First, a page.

Keeping Up with The Trends in 401(k) Plans

July 21, 2014

Authored by: benefitsbclp

Idea AheadIn the scheme of things, it was not that  long ago that defined benefit pension plans were the main retirement plan game in town.  But now – for better or for worse – 401(k) plans rule in the private arena.  In the age of constant evolution in technology and streamlining of processes, it can be hard to keep up with the latest and greatest in plan design.

Think about it – the final qualified default investment alternative (QDIA) rules were published not even seven years ago, but now if you don’t have lifecycle or target date funds (TDFs) in your plan and/or you haven’t considered adding them, you may be among the distinct minority of 401(k)s.  Statistics indicate that participants like these funds. Fidelity reports that nearly 1/3 of them have invested their entire account balance in a TDF.

Sure, you can rely upon a consultant or an investment advisor to help keep you up to speed on the trends in 401(k) plans, but there are legal issues to consider as well.

Brokerage Windows

Consider brokerage windows – they may be good for offering a wide range of options desirable to sophisticated investors, providing more flexibility in investment options and (possibly) the ability to further diversify a portfolio based on investment in single stocks, bonds or other securities.  Bear in mind, however,  the options offered in a brokerage window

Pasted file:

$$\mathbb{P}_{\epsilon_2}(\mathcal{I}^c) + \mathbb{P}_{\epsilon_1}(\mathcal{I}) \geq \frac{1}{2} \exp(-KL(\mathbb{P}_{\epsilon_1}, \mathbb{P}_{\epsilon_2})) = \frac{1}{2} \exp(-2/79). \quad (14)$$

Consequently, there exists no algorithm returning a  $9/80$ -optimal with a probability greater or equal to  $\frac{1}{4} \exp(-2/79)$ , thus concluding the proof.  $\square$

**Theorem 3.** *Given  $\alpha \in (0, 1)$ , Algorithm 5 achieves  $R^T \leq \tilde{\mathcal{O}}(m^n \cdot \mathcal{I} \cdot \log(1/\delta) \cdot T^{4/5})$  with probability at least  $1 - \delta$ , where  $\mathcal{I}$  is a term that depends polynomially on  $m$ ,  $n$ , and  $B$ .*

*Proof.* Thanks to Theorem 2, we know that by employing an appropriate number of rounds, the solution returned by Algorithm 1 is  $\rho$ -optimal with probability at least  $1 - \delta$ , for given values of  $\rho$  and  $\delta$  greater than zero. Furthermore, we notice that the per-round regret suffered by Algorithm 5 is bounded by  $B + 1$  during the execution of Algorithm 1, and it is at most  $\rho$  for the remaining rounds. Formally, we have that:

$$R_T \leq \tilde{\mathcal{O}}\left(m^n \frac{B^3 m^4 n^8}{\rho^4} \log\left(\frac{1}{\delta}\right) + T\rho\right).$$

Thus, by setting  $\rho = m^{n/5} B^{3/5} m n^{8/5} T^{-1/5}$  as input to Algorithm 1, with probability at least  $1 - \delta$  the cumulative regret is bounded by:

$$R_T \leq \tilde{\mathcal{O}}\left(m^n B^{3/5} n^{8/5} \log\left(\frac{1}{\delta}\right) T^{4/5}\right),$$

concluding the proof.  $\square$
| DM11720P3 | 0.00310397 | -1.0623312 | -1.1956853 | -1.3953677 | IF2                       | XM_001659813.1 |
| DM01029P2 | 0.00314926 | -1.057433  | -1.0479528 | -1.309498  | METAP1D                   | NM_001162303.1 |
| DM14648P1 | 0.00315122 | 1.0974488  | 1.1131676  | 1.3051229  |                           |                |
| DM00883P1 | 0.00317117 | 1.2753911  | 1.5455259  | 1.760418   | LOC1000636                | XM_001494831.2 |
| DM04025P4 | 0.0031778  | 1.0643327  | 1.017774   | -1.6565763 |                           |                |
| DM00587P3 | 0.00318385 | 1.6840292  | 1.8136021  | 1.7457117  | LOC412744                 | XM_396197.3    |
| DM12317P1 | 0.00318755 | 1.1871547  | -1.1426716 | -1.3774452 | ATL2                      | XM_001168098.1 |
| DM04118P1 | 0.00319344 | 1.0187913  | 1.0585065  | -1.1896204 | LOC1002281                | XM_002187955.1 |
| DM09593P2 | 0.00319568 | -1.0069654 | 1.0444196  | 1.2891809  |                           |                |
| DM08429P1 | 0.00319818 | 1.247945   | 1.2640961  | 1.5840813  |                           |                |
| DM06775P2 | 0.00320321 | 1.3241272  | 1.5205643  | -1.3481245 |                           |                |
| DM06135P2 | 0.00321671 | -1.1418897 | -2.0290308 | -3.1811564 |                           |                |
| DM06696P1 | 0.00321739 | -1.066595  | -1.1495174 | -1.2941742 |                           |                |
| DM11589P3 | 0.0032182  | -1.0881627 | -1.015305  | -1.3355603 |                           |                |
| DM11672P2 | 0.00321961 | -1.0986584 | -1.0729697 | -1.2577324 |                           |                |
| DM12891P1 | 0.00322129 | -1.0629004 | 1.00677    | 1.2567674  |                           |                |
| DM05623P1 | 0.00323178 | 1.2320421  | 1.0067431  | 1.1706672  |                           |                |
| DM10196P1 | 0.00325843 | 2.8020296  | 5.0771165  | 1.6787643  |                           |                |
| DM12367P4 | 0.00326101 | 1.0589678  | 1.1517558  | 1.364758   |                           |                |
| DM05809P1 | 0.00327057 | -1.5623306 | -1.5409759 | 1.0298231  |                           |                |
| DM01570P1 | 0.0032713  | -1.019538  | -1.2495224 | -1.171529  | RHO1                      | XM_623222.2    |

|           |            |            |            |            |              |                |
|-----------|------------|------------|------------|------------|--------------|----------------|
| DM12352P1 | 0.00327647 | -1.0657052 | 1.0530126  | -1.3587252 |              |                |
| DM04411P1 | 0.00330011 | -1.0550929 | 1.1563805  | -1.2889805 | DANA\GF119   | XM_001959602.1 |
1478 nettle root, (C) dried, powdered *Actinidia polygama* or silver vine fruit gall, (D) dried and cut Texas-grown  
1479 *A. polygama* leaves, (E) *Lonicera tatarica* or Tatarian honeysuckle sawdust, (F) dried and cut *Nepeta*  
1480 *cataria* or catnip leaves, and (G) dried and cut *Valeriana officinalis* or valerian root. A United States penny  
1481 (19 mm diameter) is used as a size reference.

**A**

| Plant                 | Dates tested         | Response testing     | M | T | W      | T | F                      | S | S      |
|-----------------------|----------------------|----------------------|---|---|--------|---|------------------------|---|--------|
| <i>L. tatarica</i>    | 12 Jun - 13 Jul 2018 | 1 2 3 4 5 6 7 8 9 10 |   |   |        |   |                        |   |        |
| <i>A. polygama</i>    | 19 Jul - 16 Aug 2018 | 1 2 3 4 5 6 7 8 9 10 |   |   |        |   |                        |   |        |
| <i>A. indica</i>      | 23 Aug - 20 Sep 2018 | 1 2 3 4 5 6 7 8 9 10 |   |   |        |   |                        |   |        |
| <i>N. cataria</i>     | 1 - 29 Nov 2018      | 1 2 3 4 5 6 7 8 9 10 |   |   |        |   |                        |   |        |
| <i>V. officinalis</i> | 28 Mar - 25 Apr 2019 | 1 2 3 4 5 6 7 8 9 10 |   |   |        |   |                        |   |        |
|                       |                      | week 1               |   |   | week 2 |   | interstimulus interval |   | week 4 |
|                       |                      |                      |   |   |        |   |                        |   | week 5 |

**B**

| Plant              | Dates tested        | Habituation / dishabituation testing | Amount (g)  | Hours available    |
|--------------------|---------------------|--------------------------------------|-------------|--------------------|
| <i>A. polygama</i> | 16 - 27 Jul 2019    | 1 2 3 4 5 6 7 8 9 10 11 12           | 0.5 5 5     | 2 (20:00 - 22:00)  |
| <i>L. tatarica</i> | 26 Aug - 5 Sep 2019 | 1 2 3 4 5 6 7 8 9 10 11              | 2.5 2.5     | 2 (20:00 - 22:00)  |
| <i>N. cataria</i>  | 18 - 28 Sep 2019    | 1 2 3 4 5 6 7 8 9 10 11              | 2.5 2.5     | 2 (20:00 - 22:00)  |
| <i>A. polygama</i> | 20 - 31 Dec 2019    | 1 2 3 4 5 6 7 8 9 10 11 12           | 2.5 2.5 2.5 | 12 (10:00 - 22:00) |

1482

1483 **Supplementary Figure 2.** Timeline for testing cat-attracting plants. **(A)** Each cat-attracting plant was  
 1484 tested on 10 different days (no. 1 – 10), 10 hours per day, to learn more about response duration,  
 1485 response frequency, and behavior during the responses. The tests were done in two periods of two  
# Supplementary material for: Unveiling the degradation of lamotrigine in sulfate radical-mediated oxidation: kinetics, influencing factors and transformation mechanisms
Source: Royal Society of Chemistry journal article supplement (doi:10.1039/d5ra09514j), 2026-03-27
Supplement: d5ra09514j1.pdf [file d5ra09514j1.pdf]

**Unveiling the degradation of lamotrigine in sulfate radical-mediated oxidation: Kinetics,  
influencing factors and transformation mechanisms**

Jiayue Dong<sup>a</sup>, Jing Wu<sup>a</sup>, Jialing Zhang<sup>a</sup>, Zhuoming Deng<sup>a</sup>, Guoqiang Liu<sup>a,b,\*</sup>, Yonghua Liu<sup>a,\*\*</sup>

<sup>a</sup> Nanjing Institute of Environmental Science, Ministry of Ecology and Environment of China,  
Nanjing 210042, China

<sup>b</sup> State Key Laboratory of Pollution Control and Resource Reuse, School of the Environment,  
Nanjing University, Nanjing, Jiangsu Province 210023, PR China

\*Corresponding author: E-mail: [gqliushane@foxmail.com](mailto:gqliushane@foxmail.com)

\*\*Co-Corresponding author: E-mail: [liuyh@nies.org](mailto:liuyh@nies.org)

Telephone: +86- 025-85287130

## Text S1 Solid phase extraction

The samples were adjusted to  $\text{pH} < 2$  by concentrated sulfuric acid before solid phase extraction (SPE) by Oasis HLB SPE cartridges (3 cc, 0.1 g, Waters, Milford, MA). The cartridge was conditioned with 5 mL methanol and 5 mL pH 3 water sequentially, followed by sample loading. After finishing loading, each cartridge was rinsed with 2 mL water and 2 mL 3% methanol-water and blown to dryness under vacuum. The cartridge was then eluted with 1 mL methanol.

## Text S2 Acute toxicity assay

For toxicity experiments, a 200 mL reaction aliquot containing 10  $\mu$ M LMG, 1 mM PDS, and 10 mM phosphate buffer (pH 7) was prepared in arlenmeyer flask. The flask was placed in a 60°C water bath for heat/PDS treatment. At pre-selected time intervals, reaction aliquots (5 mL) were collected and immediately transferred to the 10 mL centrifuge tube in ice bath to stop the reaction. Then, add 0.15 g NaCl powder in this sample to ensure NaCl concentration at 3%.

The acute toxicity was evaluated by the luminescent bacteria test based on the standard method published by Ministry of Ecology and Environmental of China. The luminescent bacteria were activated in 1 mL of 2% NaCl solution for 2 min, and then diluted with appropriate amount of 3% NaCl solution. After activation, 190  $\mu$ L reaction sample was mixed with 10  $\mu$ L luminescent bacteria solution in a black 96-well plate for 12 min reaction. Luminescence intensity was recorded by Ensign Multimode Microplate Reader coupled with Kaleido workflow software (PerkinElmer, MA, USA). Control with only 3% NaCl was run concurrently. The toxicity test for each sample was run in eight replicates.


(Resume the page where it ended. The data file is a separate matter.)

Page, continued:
Hobby Lobby Fallout – Act 1

Hobby Lobby Fallout – Act 1

July 18, 2014

Authored by: Chris Rylands

BC PillsLate yesterday, the DOL released an FAQ in response to the Hobby Lobby decision.

Basically, the FAQ said that an elimination of any contraceptives from coverage under a plan is a considered a “material reduction” in covered benefits triggering the shorter 60-day notice period for a summary of material modifications.  The usual deadline is 210 days after the end of the plan year in which the change is effective (although most tend to communicate sooner).

The bottom line is this: if a plan of a closely held business eliminates coverage for any contraceptive item or service, it has to distribute an SMM or revised SPD within 60 days after the change.

There has always been some ambiguity around what constituted “material” in this context.  The regulations speak in terms of what “the average plan participant [would consider] to be an important reduction in covered services or benefits” making it a judgment call.  By contrast, this FAQ sets a standard (at least for contraceptives) that the elimination of even one item or service is material.

Even sponsors who do not qualify, or are not considering, eliminating contraceptive products or services should take note.  The DOL could potentially use this FAQ to argue that other reductions are material as well.

The Moench Presumption is Dead – Long Live the Dudenhoeffer Presumption

On June 25, 2014, a unanimous United States Supreme Court weighed in on the legal standards applicable in stock drop cases in Fifth Third Bancorp v. Dudenhoeffer.